viii. Miscellaneous expenses. Lawyers also include as case costs the out-of-pocket expense incurred for conference calls, long-distance calls, photocopies, postage and express delivery service.
4. I have heard that some lawyers charge their personal injury and wrongful death clients interest. Is that true?
Answer: As mentioned earlier, lawyers usually advance money to finance the costs of litigation. These expenses may be small – several hundred dollars in worker’s compensation cases to hundreds of thousands of dollars in certain medical malpractice cases and products liability cases. Our law firm almost always advances these expenses to its clients and does not charge interest or any other fees. In the event we win the case, we are repaid from the money we recover for the client. Expenses are deducted after the fee is calculated.
Some law firms require the client to pay the expenses or require the client to pay the first several thousand dollars toward these expenses. There is nothing wrong with a lawyer asking for a payment toward expenses, and the client simply must decide whether to employ a lawyer who makes such a request or hire a lawyer who will advance these expenses for the client.
Other law firms borrow money for the client and pay the expenses, and then charge the interest and fees incurred by the law firm to the client at the end of the case. Lawyers are permitted to do this as long as the financing arrangement is fully explained to the client at the time the lawyer is employed. However, a client thinking about hiring a lawyer who uses this method of financing cases must understand that (a) the effective interest rate and fees can be substantial and can be as high as the rate on a credit card; and (b) there are many good law firms that will not charge interest and fees and thus the overall charge for legal representation from a firm that does not charge interest may well be less.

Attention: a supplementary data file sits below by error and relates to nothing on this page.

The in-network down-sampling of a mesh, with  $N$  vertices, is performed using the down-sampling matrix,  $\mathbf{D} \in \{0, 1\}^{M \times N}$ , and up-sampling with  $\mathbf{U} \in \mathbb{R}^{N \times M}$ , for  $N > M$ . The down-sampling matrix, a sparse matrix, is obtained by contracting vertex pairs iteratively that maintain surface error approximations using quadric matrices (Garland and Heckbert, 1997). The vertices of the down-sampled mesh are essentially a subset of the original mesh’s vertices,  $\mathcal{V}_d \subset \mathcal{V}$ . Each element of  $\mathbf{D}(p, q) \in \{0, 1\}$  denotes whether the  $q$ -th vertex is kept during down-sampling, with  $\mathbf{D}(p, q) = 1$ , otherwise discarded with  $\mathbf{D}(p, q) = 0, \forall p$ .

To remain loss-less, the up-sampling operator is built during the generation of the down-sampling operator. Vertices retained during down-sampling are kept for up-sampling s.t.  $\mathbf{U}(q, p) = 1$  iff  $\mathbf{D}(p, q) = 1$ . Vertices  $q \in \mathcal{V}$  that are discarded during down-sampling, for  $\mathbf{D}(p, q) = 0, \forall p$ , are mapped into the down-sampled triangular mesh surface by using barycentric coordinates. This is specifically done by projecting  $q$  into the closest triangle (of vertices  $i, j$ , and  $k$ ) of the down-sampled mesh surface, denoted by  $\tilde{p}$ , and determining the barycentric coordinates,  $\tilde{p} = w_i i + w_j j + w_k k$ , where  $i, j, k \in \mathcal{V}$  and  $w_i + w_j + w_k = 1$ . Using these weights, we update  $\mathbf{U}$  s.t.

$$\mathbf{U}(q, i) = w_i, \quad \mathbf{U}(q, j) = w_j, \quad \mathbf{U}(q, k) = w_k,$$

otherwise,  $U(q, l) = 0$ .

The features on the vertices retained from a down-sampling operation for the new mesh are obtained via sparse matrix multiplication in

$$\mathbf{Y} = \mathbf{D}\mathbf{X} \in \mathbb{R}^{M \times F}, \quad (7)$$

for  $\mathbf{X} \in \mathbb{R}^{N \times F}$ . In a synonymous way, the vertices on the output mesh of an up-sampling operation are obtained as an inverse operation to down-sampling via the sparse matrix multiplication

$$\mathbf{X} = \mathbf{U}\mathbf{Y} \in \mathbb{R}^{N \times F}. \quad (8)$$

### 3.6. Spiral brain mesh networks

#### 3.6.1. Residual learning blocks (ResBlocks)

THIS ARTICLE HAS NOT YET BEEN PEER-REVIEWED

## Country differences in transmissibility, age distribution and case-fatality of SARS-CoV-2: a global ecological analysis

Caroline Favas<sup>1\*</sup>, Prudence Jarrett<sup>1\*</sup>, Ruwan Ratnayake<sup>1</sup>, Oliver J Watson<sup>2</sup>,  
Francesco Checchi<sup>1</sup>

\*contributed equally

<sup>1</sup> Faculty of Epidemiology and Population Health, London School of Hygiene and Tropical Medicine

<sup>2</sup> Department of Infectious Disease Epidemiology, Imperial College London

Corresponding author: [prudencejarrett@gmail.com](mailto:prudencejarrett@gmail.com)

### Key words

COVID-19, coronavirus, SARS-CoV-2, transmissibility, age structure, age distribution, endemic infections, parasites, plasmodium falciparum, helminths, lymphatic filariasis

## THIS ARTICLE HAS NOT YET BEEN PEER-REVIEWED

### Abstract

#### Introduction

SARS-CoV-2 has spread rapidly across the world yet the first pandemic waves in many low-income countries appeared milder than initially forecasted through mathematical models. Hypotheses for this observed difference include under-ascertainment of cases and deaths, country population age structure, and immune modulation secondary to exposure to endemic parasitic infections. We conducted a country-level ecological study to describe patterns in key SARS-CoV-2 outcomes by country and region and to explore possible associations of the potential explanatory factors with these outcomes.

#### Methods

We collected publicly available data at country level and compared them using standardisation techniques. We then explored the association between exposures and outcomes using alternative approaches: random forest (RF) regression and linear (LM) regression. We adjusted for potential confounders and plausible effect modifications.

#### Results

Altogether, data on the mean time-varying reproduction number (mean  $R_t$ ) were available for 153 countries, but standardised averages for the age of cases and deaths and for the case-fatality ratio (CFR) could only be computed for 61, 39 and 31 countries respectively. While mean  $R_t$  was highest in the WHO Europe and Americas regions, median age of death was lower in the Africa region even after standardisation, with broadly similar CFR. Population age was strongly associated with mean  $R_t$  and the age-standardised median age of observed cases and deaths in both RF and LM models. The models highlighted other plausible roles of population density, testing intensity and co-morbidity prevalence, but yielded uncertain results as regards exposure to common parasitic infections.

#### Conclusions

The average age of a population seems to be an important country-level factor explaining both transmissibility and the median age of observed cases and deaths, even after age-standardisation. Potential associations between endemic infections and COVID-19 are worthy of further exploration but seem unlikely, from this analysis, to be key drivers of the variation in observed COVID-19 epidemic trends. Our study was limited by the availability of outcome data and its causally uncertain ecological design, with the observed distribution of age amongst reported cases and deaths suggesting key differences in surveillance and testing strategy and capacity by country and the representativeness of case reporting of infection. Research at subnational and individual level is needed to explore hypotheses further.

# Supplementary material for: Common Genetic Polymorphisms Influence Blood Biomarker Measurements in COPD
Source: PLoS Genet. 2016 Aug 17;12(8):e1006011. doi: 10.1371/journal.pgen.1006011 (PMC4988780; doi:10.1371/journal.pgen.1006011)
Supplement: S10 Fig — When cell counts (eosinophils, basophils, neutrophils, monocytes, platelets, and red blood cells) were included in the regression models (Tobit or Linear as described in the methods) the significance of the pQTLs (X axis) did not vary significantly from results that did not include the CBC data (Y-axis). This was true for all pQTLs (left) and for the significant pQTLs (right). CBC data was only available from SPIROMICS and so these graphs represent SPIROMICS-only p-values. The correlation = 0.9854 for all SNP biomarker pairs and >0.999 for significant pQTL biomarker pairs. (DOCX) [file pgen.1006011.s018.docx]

5. Can a lawyer give me money for living expenses while my case is pending?
Answer: In Tennessee a lawyer cannot ethically pay for your living expenses or give you cash while a case is pending. A lawyer who offers to do so has committed an ethical violation and should be reported to the Tennessee Board of Professional Responsibility.
6. Does a contingent fee agreement with a Tennessee lawyer need to be in writing?
Answer: Yes, in Tennessee lawyers are supposed to document all contingent fee contracts in writing. If you do not have a written contract with your lawyer, you should ask for one to eliminate any possible future misunderstanding.
7. I think I have a personal injury case. What should I do?
Answer: You should contact a lawyer as soon as possible. It is important that evidence be gathered to determine the validity of the claim. The insurance company for the person or company that caused the death will be working hard to gather that evidence, and you should have a lawyer doing the same.